For nearly a decade, Anthony Rizzo has been the heart and the soul of the Chicago Cubs, riding with the team through good times and bad, championship years and 100-loss years, but on Thursday, it has apparently come to an end, as the first baseman was reportedly traded to the New York Yankees.
The return for Rizzo was a decent one by rental-player standards, with two top-13 prospects coming back to the Cubs from the Yankees. Plenty will be made in the coming days and weeks about Alexander Vizcaino and Kevin Alcantara, or about the fact the Cubs agreed to pay Rizzo’s remaining salary to boost their trade haul, but what will be more difficult for Cubs fans to come to grips with is how to move past the sadness of seeing the first baseman go, and to embrace the incredible legacy that he left behind in Chicago.
The story has been told approximately six million times, but on the day that truly marks the end of an era, it bears repeating just one more time. Rizzo was acquired by the Cubs as one of the first moves of the new Theo Epstein/Jed Hoyer regime in 2012, a baby-faced kid who had already beaten cancer, struggled in his first big league call-up and been part of multiple MLB franchises.
As was to be expected for the fans of a team that ended up losing 101 games in that 2012 season, Rizzo’s arrival was the talk of the fanbase. Never mind that he’d hit just one home run in 153 plate appearances with the Padres. Never mind that he’d batted just .141 there.
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What mattered is that Rizzo was the opening salvo, the first inkling of what could possibly be brewing on the North Side, as the ballpark he called home fundamentally changed, and the teammates that surrounded him followed suit.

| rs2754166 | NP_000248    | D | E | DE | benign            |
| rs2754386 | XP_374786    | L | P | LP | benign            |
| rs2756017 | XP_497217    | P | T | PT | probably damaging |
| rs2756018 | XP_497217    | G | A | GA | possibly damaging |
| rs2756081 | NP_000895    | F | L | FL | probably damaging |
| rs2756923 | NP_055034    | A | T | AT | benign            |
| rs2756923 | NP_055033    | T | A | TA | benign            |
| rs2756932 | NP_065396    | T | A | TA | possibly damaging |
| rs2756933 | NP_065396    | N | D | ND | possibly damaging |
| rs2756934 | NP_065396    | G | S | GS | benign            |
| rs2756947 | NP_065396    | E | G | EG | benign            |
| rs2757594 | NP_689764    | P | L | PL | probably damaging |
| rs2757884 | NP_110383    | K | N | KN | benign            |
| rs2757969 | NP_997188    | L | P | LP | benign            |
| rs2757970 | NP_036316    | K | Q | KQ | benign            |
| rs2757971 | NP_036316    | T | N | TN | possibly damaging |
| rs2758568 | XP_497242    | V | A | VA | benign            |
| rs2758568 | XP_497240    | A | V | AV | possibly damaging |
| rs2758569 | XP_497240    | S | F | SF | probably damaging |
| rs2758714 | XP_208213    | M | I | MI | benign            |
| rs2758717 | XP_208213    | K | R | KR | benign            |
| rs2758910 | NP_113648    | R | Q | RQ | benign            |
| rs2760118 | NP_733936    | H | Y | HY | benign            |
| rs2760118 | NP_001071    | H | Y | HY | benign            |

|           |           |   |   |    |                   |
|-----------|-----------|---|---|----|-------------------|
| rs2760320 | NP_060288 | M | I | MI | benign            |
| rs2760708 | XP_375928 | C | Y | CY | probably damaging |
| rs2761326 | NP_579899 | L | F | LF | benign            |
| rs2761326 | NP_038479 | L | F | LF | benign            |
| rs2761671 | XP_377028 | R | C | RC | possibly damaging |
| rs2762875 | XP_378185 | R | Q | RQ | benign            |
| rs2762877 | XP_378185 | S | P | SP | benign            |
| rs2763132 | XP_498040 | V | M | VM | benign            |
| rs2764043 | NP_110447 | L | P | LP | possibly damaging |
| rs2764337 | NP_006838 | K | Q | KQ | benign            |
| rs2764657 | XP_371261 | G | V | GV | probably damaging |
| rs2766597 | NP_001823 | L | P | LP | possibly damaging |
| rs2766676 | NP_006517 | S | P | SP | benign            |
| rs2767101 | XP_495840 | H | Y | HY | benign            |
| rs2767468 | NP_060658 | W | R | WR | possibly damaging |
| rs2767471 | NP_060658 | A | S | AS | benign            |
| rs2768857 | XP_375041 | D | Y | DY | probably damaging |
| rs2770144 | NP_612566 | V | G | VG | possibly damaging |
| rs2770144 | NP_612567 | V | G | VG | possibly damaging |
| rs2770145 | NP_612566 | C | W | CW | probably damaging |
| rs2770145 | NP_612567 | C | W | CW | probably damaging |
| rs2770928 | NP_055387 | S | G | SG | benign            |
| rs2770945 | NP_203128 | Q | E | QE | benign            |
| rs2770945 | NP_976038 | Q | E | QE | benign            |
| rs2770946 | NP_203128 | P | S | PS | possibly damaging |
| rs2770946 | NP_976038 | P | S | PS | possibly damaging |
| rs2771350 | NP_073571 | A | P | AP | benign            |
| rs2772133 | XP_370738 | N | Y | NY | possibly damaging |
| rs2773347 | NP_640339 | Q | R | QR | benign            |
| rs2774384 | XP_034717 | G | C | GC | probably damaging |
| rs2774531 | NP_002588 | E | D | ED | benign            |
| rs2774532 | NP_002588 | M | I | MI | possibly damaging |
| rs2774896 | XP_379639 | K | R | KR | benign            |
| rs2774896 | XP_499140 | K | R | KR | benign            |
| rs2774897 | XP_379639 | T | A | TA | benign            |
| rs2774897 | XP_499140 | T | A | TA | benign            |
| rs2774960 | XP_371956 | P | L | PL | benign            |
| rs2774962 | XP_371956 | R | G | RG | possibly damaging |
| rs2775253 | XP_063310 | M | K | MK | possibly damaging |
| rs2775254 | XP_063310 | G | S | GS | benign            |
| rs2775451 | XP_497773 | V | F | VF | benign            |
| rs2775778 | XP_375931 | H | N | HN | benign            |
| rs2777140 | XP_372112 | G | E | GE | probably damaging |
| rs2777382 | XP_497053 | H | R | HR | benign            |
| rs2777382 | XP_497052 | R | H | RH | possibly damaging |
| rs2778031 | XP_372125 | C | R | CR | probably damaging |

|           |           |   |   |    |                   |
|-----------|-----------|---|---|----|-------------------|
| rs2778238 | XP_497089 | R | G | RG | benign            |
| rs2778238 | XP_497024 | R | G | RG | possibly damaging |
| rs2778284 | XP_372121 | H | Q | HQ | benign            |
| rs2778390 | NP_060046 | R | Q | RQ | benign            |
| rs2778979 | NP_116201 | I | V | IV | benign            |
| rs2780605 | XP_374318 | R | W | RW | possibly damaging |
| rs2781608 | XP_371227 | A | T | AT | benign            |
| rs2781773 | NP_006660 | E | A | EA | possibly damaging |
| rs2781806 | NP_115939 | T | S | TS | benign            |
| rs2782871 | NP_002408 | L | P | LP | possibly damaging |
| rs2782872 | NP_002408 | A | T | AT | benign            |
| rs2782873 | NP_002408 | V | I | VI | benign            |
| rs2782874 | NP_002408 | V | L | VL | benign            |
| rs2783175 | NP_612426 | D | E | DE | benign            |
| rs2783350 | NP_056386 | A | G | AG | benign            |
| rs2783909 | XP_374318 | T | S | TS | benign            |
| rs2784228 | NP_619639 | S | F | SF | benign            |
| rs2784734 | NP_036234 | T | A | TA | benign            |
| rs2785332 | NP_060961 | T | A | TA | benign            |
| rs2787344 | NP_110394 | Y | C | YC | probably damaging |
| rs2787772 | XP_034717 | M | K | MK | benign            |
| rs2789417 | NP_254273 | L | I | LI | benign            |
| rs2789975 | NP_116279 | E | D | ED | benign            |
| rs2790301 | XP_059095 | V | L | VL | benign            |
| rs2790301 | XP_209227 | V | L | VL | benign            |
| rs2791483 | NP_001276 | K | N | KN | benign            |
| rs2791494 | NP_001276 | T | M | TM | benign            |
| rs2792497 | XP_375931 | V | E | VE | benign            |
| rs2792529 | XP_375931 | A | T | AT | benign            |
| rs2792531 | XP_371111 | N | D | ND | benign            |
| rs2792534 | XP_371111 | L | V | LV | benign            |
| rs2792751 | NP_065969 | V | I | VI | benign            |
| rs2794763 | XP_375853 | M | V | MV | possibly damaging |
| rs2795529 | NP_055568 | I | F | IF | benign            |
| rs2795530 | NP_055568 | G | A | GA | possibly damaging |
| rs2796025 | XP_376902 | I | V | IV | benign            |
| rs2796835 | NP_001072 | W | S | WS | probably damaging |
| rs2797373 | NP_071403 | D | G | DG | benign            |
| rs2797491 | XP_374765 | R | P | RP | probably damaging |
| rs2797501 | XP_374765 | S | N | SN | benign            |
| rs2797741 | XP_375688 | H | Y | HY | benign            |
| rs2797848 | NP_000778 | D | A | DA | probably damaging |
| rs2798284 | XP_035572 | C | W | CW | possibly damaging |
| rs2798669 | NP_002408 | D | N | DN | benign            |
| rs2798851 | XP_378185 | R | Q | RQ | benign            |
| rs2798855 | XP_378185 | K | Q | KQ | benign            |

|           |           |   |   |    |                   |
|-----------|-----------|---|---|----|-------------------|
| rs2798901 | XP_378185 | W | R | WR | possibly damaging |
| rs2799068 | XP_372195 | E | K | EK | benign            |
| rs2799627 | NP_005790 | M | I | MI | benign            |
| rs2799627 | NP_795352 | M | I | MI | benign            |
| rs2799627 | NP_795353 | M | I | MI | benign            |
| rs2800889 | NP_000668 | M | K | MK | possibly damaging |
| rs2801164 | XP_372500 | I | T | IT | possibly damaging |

First came Anthony. Then came Kyle. Then came Jake and Javier. Then came Jon Lester, Kris Bryant, Joe Maddon and Addison Russell. Ben Zobrist and Dexter Fowler and David Ross and Miguel Montero and more all were brought in, and the team, an afterthought in 2012 and not much better in the next two seasons, suddenly had new life.
At the center of all of it was Rizzo, whose infectious personality, prodigious power and slick glove made him one of the most popular athletes in the city.
Then, in the blink of an eye, he caught a throw from Bryant, and after 108 years of frustration, heartache and devastation, an entire city erupted, celebrating the coming of a World Series championship that many feared they’d die before they would ever witness.
In the flurry of activity that followed, Rizzo was riding high. He was there, suggestively dancing on “Saturday Night Live.” He was there in filming television ads for the Cubs, donating millions to cancer charities and his incredible foundation, and in general being the type of ambassador that a team would love to have, under any circumstances.
Even as the years went by, and the Cubs tried and failed to get to the heights that they had once climbed to, Rizzo continued to produce, driving in 100 or so runs and clubbing nearly 30 home runs every season like clockwork.
Yes, the first baseman’s back has been balky this season, and yes there’s been a pall cast over the season after he failed to reach a contract extension with the team during spring training, but through it all, Rizzo has been the consummate professional, the ultimate Cub, and that is yet another reason the trade that will send him to the Bronx is ultimately so painful.
Needless to say, we shouldn’t talk about Rizzo like he’s going to be gone from the lives of Cubs fans forever. Undoubtedly he’ll make his way back to the franchise in some way in the future, signing autographs at Sloan Park before spring training games, attending Cubs Convention, and perhaps even seeing his number 44 hoisted to the top of one of the foul poles at Wrigley Field in a retirement ceremony.
Before we get to that point in the (hopefully not-too-near) future, it seems appropriate to pause and to reflect, to think about not only what the Cubs accomplished while Rizzo was wearing the blue pinstripes, but to think about how he embodied what it meant to be a great player, and an even better ambassador for the game, and for his team.